Ash Saturday at Camp
Some neighbors ask to borrow an egg, cup of milk, or sugar. I recently asked my neighbor for a tablespoon of ashes. Sean's ashes. I'd meant to pack them for family camp on Lake Coeur d'Alene. Camp Cross http://www.campcross.org/ was the last place Sean and I brought the kids together before he got sick. It's where we've spent every 4th of July (and many Labor Days) since 2005, when Fiona was a not-quite-walking toddler, and Finley was a (large) bump in my belly. We've canoed, changed diapers, sang songs, picked up children after they've rolled off cots onto the cabin floor, eaten s'mores, packed the kids on our backs, and savored grown-up moments alone (with help from other parents and staff). Camp is a place to disconnect from the chores of home and reconnect with each other and with the kind of relationship with God you only find outside.
I wanted to sprinkle part of Sean at camp, especially since I plan to take the kids on our year-long adventure in mid-August. I feel an urgency to tie up loose threads. When I realized I'd left Sean's ashes at home, I whipped up "Plan B:" One of my neighbors has a lake cabin (actually,her parents') around the bend from camp. Maybe she could bring them? I called her and said, "I know this is a strange request, and feel free to decline if it creeps you out. I forgot Sean's ashes. They're sitting on our back porch. Would you mind scooping up a small amount and bringing them to the lake?" Heidi's response was immediate: "Nothing grosses me out. Of course I will."
The Brown Box
The next day, I got a text from Heidi: "I got the ashes. It made me sadder than I expected." I thought of what it must be like to scoop up the remains of someone else's spouse. On one hand, you're glad your spouse's name isn't printed on the white tape label. You're thankful the sand-colored, fine powder does not belong to the person who was supposed to help raise your children. There's that. Then there's your own sadness: Sadness you've lost a friend, a neighbor... sadness as you realize, at some point in your life, you, too, will open another brown box. All of us will inhabit the brown box. No one gets a pass.
I asked a fellow camper who'd brought a boat if he could ferry me around the bend to "retrieve something a neighbor brought from home." I didn't tell him it was Sean's ashes. I didn't want him to feel obligated to run the errand. He said, "Sure," and the kids and I took a quick boat trip to grab a plastic bag on a dock in a flowerpot.
Like Heidi, I was surprised by the ashes' effect. After all, I've taken them to Canada, St. Croix, Lake Roosevelt, our backyard... haven't I been inoculated against cremains? I walked around with the familiar dust in my pocket all afternoon. It felt like my own personal Kryptonite. Any super-powers I possessed started to fade. I felt like someone had lined my sweatshirt with lead. I wept during the worship service as the priest talked about water and renewal.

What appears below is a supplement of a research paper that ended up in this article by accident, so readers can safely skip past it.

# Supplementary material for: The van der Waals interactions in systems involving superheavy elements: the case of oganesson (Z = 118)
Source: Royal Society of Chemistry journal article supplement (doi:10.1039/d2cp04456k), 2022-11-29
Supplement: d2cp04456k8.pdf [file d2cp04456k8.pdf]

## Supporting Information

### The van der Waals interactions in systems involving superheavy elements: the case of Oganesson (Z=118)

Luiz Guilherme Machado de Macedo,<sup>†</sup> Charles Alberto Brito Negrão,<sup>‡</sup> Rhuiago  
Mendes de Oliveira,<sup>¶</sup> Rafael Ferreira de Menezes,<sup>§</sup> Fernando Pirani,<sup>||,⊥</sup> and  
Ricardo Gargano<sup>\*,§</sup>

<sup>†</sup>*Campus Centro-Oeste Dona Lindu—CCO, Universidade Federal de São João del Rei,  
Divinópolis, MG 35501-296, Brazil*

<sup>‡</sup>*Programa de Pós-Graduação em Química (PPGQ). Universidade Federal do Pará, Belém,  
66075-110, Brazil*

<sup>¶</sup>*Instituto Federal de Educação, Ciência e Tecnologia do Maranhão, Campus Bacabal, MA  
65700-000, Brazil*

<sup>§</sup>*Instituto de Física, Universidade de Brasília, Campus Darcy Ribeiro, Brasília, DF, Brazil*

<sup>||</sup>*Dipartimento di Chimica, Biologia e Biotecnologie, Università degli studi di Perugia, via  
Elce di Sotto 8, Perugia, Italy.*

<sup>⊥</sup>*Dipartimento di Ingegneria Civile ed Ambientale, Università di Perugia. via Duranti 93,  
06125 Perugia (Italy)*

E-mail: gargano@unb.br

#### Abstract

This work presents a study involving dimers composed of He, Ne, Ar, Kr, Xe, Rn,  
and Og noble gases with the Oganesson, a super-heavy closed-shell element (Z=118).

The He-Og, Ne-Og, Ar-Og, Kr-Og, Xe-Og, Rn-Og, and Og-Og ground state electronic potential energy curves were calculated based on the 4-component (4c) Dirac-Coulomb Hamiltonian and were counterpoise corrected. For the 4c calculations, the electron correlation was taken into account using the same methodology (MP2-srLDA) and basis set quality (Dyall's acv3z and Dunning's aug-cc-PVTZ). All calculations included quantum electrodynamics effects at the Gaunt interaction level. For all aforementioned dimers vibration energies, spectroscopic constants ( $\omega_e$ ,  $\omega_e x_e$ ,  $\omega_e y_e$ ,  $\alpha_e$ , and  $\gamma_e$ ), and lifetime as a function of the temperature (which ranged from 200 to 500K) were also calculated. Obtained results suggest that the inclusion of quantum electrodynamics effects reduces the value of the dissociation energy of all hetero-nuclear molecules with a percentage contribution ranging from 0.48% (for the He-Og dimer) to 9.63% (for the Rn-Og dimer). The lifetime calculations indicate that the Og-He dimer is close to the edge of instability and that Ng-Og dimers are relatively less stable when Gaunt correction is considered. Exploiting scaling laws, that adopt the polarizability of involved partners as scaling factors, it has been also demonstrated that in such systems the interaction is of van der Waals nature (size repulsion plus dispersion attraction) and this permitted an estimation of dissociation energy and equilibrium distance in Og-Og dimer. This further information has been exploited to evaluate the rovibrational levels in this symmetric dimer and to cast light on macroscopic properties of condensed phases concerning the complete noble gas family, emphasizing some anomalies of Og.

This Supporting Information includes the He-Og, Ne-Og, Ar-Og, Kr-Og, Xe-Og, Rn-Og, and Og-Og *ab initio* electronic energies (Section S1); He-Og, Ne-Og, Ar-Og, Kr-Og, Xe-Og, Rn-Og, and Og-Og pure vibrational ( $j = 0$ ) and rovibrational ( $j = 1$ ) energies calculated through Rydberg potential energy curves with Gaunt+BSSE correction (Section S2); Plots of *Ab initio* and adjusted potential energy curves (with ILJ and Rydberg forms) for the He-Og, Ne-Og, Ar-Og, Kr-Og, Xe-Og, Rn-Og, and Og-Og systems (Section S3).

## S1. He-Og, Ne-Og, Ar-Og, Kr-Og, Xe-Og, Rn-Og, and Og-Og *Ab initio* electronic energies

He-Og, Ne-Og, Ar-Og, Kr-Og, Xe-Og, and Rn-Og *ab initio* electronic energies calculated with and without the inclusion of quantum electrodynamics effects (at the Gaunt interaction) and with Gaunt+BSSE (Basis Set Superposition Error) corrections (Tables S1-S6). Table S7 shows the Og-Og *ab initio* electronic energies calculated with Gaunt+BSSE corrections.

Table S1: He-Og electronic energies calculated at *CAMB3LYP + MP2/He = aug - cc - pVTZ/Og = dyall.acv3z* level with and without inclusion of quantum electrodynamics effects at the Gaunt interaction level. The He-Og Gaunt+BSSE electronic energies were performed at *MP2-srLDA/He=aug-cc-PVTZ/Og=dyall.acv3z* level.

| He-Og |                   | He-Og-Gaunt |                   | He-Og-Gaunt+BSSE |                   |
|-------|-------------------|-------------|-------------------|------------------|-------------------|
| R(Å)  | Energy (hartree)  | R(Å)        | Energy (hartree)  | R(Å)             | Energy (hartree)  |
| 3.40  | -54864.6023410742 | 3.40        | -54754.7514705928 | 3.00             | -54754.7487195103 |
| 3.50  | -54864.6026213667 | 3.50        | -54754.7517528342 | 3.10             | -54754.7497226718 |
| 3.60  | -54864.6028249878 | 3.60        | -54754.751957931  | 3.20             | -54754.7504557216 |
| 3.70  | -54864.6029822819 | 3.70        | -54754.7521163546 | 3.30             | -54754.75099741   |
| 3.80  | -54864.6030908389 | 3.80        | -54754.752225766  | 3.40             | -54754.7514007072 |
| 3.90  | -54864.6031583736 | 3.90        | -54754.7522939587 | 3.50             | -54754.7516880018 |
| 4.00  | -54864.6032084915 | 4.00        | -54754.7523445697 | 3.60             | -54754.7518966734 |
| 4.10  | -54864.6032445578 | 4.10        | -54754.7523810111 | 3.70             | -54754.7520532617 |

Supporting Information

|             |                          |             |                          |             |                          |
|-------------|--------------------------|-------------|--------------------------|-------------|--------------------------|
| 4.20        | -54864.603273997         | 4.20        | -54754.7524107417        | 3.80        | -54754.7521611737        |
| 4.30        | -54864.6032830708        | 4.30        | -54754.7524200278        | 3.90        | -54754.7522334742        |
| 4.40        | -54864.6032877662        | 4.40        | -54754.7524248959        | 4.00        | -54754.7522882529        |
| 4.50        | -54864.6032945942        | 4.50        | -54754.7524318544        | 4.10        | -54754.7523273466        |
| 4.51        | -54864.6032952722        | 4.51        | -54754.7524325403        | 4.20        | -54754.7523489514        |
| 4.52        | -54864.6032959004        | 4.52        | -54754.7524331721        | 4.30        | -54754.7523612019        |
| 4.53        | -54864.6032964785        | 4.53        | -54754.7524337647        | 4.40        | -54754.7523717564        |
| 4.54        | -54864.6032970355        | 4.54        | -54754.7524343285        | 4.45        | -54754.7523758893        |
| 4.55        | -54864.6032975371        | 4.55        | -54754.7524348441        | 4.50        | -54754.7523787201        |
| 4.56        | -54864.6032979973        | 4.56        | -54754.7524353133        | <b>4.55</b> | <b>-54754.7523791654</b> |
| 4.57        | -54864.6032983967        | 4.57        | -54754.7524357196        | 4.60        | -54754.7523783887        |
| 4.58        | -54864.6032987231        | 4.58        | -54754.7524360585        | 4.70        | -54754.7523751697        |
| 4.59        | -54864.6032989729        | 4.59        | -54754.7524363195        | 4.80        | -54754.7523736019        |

A Little Child Shall Smear Them
That evening, at the campfire on the beach, we were invited to share whatever was on our minds. I couldn't talk. I could only reach into my sweatshirt pocket and pull out a Ziploc bag. I gave it to Fiona. "Do you want to sprinkle Daddy's ashes into the campfire?" I asked. "Can I do the whole thing?" Fiona eagerly replied. My 6-year-old, my heart, emptied the ashes. Many of them landed on a rock which Fiona later swiped her finger across after the fire died. She "anointed" other campers with the powder (and I wondered whether they knew what she was wiping on their skin). She smudged her nose, and mine, too. We looked as if we'd powdered our noses without blending well. I left the campfire feeling melancholy, but lighter. I had shared Sean in a place we both loved, with people who understood the gesture, even if they'd never met my husband.
Pass it On...
The next day, at the camp's playground, a couple from our church asked if it would be alright if they established a scholarship for family camp in Sean's name. The scholarship would ensure finances wouldn't stand between a family and memories at the lake. Sean had shown our friends a small kindness last summer, during their first visit to camp, encouraging them to hike alone while we watched their young kids. They had remembered the favor.
The kids and I are back home. I've unpacked the bags, washed the clothes and cleaned the van. I think about the weekend's souvenirs that live in my head: My neighbor's courage in retrieving Sean's ashes; the impromptu boat ride to get them; my friends' offer of a scholarship in Sean's name. Ashes still sit on my back porch, but the memory of how they joined us at camp gives me a tablespoon of peace.